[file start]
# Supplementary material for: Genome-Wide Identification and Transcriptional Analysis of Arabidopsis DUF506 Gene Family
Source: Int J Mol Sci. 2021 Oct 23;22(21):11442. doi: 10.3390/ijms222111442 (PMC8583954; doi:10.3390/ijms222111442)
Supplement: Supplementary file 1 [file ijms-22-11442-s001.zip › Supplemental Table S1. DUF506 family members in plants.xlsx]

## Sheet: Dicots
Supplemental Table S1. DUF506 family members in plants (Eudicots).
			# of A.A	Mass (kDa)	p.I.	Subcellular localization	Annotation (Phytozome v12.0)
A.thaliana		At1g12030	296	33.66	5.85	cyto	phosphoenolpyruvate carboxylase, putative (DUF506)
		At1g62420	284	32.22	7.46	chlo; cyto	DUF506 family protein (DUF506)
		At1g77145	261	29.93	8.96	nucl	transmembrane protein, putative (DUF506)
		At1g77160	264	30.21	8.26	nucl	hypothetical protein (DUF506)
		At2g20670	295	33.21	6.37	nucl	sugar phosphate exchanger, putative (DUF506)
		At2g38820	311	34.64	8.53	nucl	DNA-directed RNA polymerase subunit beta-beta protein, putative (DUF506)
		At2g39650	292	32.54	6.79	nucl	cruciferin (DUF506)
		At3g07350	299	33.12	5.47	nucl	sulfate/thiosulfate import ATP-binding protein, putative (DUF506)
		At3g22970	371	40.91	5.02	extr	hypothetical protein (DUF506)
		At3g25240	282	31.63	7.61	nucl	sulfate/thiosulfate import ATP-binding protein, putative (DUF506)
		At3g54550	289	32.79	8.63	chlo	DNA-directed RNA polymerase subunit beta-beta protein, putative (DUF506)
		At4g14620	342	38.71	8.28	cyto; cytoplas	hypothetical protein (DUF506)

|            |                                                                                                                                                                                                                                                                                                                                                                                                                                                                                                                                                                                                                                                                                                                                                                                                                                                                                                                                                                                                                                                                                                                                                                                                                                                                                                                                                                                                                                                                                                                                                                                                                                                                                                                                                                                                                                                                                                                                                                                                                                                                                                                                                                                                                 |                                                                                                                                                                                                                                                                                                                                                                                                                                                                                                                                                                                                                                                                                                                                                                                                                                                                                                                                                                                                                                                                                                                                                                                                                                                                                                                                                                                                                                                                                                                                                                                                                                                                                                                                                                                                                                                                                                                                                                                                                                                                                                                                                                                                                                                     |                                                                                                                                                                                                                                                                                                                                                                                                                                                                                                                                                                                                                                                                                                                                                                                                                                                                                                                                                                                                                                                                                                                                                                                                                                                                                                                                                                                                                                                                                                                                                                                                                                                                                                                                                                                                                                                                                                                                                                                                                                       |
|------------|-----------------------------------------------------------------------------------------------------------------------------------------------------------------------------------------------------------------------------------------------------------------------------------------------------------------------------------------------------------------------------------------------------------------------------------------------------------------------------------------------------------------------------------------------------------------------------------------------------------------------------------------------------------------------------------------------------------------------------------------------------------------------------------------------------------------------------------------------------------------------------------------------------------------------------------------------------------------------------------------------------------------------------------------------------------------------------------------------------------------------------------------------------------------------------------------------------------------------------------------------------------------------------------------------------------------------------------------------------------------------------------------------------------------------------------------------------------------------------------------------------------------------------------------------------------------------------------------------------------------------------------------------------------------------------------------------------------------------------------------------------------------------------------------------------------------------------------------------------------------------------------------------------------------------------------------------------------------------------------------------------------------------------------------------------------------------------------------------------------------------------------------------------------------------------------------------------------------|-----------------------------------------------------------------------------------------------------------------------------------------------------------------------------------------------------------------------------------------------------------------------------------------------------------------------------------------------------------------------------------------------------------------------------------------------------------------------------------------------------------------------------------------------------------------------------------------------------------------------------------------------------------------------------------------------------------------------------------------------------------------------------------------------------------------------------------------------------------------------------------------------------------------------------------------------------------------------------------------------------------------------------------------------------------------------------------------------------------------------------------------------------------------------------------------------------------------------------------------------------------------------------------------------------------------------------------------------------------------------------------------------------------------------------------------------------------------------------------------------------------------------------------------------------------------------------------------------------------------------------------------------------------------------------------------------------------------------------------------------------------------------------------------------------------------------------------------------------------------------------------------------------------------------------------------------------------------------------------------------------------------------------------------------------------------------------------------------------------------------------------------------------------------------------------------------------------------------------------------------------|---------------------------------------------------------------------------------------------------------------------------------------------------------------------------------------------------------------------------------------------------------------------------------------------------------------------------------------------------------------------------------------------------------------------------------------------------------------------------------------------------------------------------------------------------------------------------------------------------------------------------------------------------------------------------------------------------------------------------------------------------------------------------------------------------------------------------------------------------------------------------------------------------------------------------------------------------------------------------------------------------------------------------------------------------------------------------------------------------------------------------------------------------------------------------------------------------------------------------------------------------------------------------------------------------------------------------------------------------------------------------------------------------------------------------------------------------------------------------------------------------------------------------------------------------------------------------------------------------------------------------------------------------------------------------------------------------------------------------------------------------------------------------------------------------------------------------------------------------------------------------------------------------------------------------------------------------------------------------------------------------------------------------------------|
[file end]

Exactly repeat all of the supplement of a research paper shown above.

# Supplementary material for: Genome-Wide Identification and Transcriptional Analysis of Arabidopsis DUF506 Gene Family
Source: Int J Mol Sci. 2021 Oct 23;22(21):11442. doi: 10.3390/ijms222111442 (PMC8583954; doi:10.3390/ijms222111442)
Supplement: Supplementary file 1 [file ijms-22-11442-s001.zip › Supplemental Table S1. DUF506 family members in plants.xlsx]

## Sheet: Dicots
Supplemental Table S1. DUF506 family members in plants (Eudicots).
			# of A.A	Mass (kDa)	p.I.	Subcellular localization	Annotation (Phytozome v12.0)
A.thaliana		At1g12030	296	33.66	5.85	cyto	phosphoenolpyruvate carboxylase, putative (DUF506)
		At1g62420	284	32.22	7.46	chlo; cyto	DUF506 family protein (DUF506)
		At1g77145	261	29.93	8.96	nucl	transmembrane protein, putative (DUF506)
		At1g77160	264	30.21	8.26	nucl	hypothetical protein (DUF506)
		At2g20670	295	33.21	6.37	nucl	sugar phosphate exchanger, putative (DUF506)
		At2g38820	311	34.64	8.53	nucl	DNA-directed RNA polymerase subunit beta-beta protein, putative (DUF506)
		At2g39650	292	32.54	6.79	nucl	cruciferin (DUF506)
		At3g07350	299	33.12	5.47	nucl	sulfate/thiosulfate import ATP-binding protein, putative (DUF506)
		At3g22970	371	40.91	5.02	extr	hypothetical protein (DUF506)
		At3g25240	282	31.63	7.61	nucl	sulfate/thiosulfate import ATP-binding protein, putative (DUF506)
		At3g54550	289	32.79	8.63	chlo	DNA-directed RNA polymerase subunit beta-beta protein, putative (DUF506)
		At4g14620	342	38.71	8.28	cyto; cytoplas	hypothetical protein (DUF506)

|            |                                                                                                                                                                                                                                                                                                                                                                                                                                                                                                                                                                                                                                                                                                                                                                                                                                                                                                                                                                                                                                                                                                                                                                                                                                                                                                                                                                                                                                                                                                                                                                                                                                                                                                                                                                                                                                                                                                                                                                                                                                                                                                                                                                                                                 |                                                                                                                                                                                                                                                                                                                                                                                                                                                                                                                                                                                                                                                                                                                                                                                                                                                                                                                                                                                                                                                                                                                                                                                                                                                                                                                                                                                                                                                                                                                                                                                                                                                                                                                                                                                                                                                                                                                                                                                                                                                                                                                                                                                                                                                     |                                                                                                                                                                                                                                                                                                                                                                                                                                                                                                                                                                                                                                                                                                                                                                                                                                                                                                                                                                                                                                                                                                                                                                                                                                                                                                                                                                                                                                                                                                                                                                                                                                                                                                                                                                                                                                                                                                                                                                                                                                       |
|------------|-----------------------------------------------------------------------------------------------------------------------------------------------------------------------------------------------------------------------------------------------------------------------------------------------------------------------------------------------------------------------------------------------------------------------------------------------------------------------------------------------------------------------------------------------------------------------------------------------------------------------------------------------------------------------------------------------------------------------------------------------------------------------------------------------------------------------------------------------------------------------------------------------------------------------------------------------------------------------------------------------------------------------------------------------------------------------------------------------------------------------------------------------------------------------------------------------------------------------------------------------------------------------------------------------------------------------------------------------------------------------------------------------------------------------------------------------------------------------------------------------------------------------------------------------------------------------------------------------------------------------------------------------------------------------------------------------------------------------------------------------------------------------------------------------------------------------------------------------------------------------------------------------------------------------------------------------------------------------------------------------------------------------------------------------------------------------------------------------------------------------------------------------------------------------------------------------------------------|-----------------------------------------------------------------------------------------------------------------------------------------------------------------------------------------------------------------------------------------------------------------------------------------------------------------------------------------------------------------------------------------------------------------------------------------------------------------------------------------------------------------------------------------------------------------------------------------------------------------------------------------------------------------------------------------------------------------------------------------------------------------------------------------------------------------------------------------------------------------------------------------------------------------------------------------------------------------------------------------------------------------------------------------------------------------------------------------------------------------------------------------------------------------------------------------------------------------------------------------------------------------------------------------------------------------------------------------------------------------------------------------------------------------------------------------------------------------------------------------------------------------------------------------------------------------------------------------------------------------------------------------------------------------------------------------------------------------------------------------------------------------------------------------------------------------------------------------------------------------------------------------------------------------------------------------------------------------------------------------------------------------------------------------------------------------------------------------------------------------------------------------------------------------------------------------------------------------------------------------------------|---------------------------------------------------------------------------------------------------------------------------------------------------------------------------------------------------------------------------------------------------------------------------------------------------------------------------------------------------------------------------------------------------------------------------------------------------------------------------------------------------------------------------------------------------------------------------------------------------------------------------------------------------------------------------------------------------------------------------------------------------------------------------------------------------------------------------------------------------------------------------------------------------------------------------------------------------------------------------------------------------------------------------------------------------------------------------------------------------------------------------------------------------------------------------------------------------------------------------------------------------------------------------------------------------------------------------------------------------------------------------------------------------------------------------------------------------------------------------------------------------------------------------------------------------------------------------------------------------------------------------------------------------------------------------------------------------------------------------------------------------------------------------------------------------------------------------------------------------------------------------------------------------------------------------------------------------------------------------------------------------------------------------------------|